Angler Education

Fishing Can Get Hot as Autumn Approaches

By now we know that seasonal changes are not all bad news for anglers. In fact, a change in season can spur otherwise complacent bass into a much more aggressive lifestyle.

Between their heightened mobility and a willingness to binge, fall bass can treat anglers to some of the most spectacular fishing of the year.

In some parts of the country, days of fifty-plus bass per person fishing crankbaits or soft plastics are not uncommon. Moreover, fall bass tend to congregate, off and on, in large packs as they prepare for migration. If you happen upon one of these roving bands you can quickly rack up some respectable numbers.

While on a field test in Minnesota one late September day, my two partners and I once caught over a hundred and thirty bass in a single morningラseventy-five from one place where fish were stacked up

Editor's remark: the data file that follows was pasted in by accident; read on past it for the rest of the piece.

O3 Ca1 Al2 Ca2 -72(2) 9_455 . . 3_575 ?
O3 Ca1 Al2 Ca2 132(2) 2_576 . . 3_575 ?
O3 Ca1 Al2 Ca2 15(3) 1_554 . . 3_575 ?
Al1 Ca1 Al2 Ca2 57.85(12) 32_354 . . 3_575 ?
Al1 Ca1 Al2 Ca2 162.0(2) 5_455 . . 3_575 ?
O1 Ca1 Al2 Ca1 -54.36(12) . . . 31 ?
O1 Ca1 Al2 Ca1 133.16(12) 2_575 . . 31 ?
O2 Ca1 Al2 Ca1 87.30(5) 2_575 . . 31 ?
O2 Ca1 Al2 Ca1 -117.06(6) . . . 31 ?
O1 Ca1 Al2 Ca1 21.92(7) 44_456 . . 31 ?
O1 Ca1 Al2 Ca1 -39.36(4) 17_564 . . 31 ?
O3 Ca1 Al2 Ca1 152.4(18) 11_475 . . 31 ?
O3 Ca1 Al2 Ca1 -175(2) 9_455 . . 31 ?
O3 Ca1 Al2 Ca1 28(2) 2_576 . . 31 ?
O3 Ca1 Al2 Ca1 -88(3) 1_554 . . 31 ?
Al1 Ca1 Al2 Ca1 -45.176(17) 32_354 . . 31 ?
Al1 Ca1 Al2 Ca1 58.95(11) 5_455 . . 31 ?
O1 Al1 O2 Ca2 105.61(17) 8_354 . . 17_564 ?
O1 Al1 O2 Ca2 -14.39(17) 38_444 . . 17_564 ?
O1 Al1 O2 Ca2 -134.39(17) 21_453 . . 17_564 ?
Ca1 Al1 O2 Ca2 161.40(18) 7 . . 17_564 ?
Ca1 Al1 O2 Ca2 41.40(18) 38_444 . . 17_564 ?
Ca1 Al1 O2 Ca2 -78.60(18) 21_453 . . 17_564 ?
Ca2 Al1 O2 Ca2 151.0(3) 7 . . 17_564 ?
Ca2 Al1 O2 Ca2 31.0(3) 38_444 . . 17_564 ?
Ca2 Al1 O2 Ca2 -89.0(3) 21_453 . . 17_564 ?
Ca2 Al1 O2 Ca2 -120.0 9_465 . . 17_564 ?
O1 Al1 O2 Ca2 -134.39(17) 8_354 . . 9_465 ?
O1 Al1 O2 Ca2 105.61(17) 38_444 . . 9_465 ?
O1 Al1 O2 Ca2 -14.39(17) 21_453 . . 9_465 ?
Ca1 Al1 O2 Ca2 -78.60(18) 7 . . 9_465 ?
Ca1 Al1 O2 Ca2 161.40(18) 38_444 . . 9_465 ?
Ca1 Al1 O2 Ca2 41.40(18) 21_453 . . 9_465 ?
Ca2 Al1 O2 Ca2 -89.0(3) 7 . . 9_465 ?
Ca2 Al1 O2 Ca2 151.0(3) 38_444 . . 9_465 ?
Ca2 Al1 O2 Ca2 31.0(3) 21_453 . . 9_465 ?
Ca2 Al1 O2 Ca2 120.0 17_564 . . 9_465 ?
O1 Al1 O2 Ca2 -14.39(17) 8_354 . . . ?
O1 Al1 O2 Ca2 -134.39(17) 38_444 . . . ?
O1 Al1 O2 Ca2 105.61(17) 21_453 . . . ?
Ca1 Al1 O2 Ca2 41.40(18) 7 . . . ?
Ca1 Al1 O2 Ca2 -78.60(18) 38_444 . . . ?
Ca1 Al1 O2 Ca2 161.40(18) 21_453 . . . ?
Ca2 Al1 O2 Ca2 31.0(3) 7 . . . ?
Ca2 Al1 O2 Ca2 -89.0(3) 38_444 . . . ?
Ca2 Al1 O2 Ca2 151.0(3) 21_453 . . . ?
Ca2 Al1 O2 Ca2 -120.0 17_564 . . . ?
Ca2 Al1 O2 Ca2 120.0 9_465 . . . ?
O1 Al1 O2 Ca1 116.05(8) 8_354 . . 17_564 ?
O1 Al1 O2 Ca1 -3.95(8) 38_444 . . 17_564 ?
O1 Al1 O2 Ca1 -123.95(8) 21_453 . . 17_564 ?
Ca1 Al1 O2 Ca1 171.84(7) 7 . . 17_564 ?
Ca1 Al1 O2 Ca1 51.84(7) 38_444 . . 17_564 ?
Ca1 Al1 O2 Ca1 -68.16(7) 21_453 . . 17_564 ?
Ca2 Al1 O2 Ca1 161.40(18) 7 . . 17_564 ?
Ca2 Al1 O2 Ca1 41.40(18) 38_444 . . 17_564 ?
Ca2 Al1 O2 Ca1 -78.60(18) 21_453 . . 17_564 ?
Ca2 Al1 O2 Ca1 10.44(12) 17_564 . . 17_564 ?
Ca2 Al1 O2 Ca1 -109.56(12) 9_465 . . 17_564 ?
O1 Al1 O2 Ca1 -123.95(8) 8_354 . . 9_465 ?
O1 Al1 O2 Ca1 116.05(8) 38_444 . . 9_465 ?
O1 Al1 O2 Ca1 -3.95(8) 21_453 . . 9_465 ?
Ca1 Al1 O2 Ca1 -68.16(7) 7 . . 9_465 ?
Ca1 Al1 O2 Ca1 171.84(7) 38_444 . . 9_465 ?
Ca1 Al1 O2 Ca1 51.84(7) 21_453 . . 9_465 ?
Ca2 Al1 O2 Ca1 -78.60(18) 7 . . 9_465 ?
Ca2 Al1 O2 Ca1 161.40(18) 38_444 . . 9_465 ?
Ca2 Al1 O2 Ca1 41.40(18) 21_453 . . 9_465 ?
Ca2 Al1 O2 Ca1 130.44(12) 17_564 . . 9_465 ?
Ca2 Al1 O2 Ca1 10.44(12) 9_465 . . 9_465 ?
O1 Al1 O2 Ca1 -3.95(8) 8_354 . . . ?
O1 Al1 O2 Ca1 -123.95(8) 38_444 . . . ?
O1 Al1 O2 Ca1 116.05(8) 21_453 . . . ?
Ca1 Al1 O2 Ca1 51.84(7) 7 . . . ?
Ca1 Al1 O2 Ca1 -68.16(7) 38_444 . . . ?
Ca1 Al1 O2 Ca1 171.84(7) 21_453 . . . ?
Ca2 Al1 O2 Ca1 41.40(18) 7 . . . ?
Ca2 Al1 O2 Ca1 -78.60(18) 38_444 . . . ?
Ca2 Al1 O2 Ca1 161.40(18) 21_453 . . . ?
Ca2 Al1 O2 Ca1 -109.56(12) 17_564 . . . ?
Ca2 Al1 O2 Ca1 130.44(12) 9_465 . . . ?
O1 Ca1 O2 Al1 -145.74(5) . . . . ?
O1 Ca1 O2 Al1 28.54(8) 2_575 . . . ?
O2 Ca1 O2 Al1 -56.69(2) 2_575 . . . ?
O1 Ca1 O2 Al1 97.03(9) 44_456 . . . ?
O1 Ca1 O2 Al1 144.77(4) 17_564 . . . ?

like cordwood.

To make the most of the seasonal effect, however, it is imperative to remember that both fall and spring bass constantly vary physiology with water temperature. A single lure choice will not carry you through the season. Effective lure choice should be thought of more as a strategic series than just a one-size-fits-all approach.

In the fall, for example, while water temperatures are still around 60°F, bass maintain enough metabolic scope for aggressive pursuits, so lure choices that favor fast presentations remain an option. But as temperatures drop, and especially in the range around 40°F, anglers should shift to softer, subtler, slower and smaller lure presentations.

It is not the bass' motivation to feed nor its capacity for movement is what it once was. The bass may be looking for a meal, but it is not looking for an arduous struggle.

Of course, this shift in aggression is by no means an absolute. An occasional bass can still be taken on fast lures. And sometimes slow, big baits are just the ticket. But as a rule, the trend is slower and smaller.

It is always important to remember that within natural temperature ranges, bass are never completely out of the feeding loop. Some portion of the resident population is always feeding to some degree. The trick is finding the active individuals.